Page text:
So you have excess potatoes that are just wasting away and becoming inedible but you still want to put them to good use. Composting them is the first thought but potatoes and compost don’t have the same type of easy relationship that compost and other organic materials have.
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The Scary Truth About Composting Potatoes
So, can you compost potatoes safely?
Potatoes can be composted but you must be careful how you do it. Potatoes are quite susceptible to disease.
If the potatoes show sign of blight or any type disease do not compost them or you will infect your entire compost.
Potatoes also have a tendency to sprout new potato growth.
So, potatoes that show any sign of disease should never be composted.
To lessen this risk of new potatoes growing in your compost take action by chopping the potatoes into small chunks before composting.
Cooking them before composting will completely eliminate the chance of new growths.
You must be careful when composting potatoes
Potatoes, like all organic material, can be composted – at least in theory.
However, potatoes and compost don’t always play well together so you must be be careful when composting this specific vegetable.
Composting raw potatoes brings a few challenges that you will not have when composting uneaten cooked potatoes.
Potato peels also present challenges for the compost.
Let’s look at the potential problems composting potatoes presents and how to avoid the risks that go with them.
Potatoes are susceptible to disease
Potatoes are amazing produce. Potato crops are easy to plant, easy to maintain and grow easily.
They are also easy to store and last much longer than many other types of vegetables.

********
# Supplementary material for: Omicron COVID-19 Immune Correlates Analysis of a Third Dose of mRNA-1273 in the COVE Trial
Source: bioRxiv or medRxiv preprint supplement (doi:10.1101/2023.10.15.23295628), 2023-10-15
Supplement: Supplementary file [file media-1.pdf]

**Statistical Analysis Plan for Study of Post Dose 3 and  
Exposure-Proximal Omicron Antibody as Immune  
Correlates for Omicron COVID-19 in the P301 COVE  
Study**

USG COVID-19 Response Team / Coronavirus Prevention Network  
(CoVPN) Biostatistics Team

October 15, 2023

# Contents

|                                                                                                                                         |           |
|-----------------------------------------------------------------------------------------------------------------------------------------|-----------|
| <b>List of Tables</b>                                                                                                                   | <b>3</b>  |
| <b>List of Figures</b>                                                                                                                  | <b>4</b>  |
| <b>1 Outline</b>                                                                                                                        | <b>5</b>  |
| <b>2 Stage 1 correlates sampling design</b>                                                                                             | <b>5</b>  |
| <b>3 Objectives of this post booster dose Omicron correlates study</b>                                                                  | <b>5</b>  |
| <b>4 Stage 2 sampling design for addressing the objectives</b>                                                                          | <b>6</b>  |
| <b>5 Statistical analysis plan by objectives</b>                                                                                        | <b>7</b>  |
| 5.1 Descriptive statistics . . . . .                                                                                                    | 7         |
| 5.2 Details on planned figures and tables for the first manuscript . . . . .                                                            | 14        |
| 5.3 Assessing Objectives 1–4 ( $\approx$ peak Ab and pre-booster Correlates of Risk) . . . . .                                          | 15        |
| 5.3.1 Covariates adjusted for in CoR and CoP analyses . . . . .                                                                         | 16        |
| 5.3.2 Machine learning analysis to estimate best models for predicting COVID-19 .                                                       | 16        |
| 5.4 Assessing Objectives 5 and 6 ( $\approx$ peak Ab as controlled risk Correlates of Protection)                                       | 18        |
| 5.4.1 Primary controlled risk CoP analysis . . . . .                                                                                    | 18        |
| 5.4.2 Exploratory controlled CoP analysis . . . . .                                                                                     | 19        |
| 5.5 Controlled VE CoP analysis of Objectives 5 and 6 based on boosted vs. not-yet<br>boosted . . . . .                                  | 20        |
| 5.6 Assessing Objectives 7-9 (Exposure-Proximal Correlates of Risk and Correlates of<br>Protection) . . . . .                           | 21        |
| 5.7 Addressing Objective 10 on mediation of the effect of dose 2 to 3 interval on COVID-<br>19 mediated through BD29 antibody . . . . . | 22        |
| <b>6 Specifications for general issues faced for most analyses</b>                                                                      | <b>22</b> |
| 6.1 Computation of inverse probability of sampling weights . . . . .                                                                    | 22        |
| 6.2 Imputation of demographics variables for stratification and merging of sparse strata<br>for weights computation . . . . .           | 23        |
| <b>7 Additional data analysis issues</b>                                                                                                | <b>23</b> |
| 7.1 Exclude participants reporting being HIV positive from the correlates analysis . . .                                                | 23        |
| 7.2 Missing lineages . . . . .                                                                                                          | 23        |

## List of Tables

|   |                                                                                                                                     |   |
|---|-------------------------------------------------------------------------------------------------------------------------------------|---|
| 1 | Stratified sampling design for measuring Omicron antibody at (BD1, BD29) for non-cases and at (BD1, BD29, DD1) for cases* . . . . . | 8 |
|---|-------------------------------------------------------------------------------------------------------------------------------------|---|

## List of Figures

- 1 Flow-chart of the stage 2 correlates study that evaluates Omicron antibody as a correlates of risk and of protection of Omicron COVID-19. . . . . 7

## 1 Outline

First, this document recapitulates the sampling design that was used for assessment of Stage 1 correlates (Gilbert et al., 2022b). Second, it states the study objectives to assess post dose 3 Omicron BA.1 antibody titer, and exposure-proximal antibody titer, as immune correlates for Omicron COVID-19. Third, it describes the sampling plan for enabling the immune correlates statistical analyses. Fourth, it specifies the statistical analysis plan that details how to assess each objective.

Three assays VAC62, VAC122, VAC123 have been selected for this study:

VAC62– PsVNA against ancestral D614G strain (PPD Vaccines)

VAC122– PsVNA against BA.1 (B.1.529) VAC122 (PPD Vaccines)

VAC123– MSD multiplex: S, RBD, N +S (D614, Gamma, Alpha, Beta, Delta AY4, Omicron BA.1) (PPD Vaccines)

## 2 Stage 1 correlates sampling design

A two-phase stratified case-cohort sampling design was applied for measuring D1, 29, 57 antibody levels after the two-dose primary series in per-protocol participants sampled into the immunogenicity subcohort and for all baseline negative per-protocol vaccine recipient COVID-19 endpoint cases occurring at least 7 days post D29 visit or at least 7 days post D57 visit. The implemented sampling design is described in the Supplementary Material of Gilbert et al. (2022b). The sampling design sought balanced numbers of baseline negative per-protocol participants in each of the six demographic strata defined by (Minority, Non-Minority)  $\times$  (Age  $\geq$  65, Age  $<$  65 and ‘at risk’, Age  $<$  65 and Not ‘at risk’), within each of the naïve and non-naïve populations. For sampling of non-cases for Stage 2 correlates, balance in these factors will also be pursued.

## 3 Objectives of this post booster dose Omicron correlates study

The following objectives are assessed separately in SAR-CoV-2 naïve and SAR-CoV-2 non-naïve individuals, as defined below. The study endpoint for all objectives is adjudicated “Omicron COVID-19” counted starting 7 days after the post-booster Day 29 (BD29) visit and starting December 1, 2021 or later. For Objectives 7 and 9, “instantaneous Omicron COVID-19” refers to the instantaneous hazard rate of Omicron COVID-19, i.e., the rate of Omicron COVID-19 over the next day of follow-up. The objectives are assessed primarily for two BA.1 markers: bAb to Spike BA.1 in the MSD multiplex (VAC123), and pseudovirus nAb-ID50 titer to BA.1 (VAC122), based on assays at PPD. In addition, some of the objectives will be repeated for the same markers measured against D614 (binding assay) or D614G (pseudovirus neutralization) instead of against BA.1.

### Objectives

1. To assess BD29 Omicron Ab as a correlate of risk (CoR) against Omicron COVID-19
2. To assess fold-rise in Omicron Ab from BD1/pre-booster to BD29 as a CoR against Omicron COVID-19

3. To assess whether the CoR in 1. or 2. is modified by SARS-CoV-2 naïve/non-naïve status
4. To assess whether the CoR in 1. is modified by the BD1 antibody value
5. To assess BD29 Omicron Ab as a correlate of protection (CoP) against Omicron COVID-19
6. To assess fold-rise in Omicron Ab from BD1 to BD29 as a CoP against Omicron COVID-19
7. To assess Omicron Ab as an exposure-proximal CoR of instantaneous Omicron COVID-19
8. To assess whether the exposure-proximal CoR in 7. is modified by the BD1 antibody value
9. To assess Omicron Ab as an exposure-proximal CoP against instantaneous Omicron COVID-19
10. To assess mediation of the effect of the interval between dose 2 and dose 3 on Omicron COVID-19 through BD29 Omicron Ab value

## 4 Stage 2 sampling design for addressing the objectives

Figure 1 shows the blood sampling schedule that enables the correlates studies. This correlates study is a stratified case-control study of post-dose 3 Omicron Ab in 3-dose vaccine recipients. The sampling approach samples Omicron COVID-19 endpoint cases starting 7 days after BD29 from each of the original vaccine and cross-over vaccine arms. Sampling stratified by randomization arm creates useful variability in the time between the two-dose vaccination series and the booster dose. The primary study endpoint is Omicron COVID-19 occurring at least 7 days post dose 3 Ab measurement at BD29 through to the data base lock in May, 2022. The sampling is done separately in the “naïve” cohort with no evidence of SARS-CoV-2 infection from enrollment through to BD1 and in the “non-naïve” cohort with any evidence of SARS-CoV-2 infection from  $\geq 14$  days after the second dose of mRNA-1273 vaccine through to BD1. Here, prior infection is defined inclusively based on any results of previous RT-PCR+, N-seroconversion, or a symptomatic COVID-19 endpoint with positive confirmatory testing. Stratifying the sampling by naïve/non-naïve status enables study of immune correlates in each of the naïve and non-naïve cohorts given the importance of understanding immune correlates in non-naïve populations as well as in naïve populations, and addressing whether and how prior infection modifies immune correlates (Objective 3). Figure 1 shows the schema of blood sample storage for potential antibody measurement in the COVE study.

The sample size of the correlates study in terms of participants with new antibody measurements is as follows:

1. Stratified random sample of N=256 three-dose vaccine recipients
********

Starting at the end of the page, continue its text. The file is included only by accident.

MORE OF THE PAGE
However, potatoes come with some very challenging downsides.
Potatoes are very susceptible to many different kinds of crop diseases, the most prolific being potato blight.
Potato blight is a fungus type of disease that infects the foliage and stems of plants and eats its way into the crop.
Water then washes these spores into the soil where they make their way into the tubers.
Potato blight is so serious that it can quickly destroy an entire crop of potatoes while simultaneously migrating to other plants and can make soil unusable for crop growth for several years.
Not only is potato blight devastating to potatoes but the spores can become airborne and easy infect other crops, such as tomatoes and peppers for example.
It just takes a small area to be infected, or even just one plant, for potato blight to spread to other potatoes and other plants.
Obviously, a potato infected with potato blight placed in compost will then infect the entire compost.
When that compost is used on healthy plants and soil it will quickly infiltrate the new area and destroy the crop and possibly make the soil unusable for years to come.
This is why it is important you check potatoes for any sign of disease before you compost them.
Store-bought potatoes seem to be the most at risk of carrying potato blight and should be checked thoroughly before composting.
Do not get confused between a potato that is decaying and one that is rotting. Putting a decaying potato in compost is perfectly fine.
You can identify rot from potential diseases in a potato with excellent resources like this. But, if in doubt, throw them out!
If your potatoes look like they may be diseased but you are unsure, just do the sensible thing and destroy them.
Compost potatoes can grow new potatoes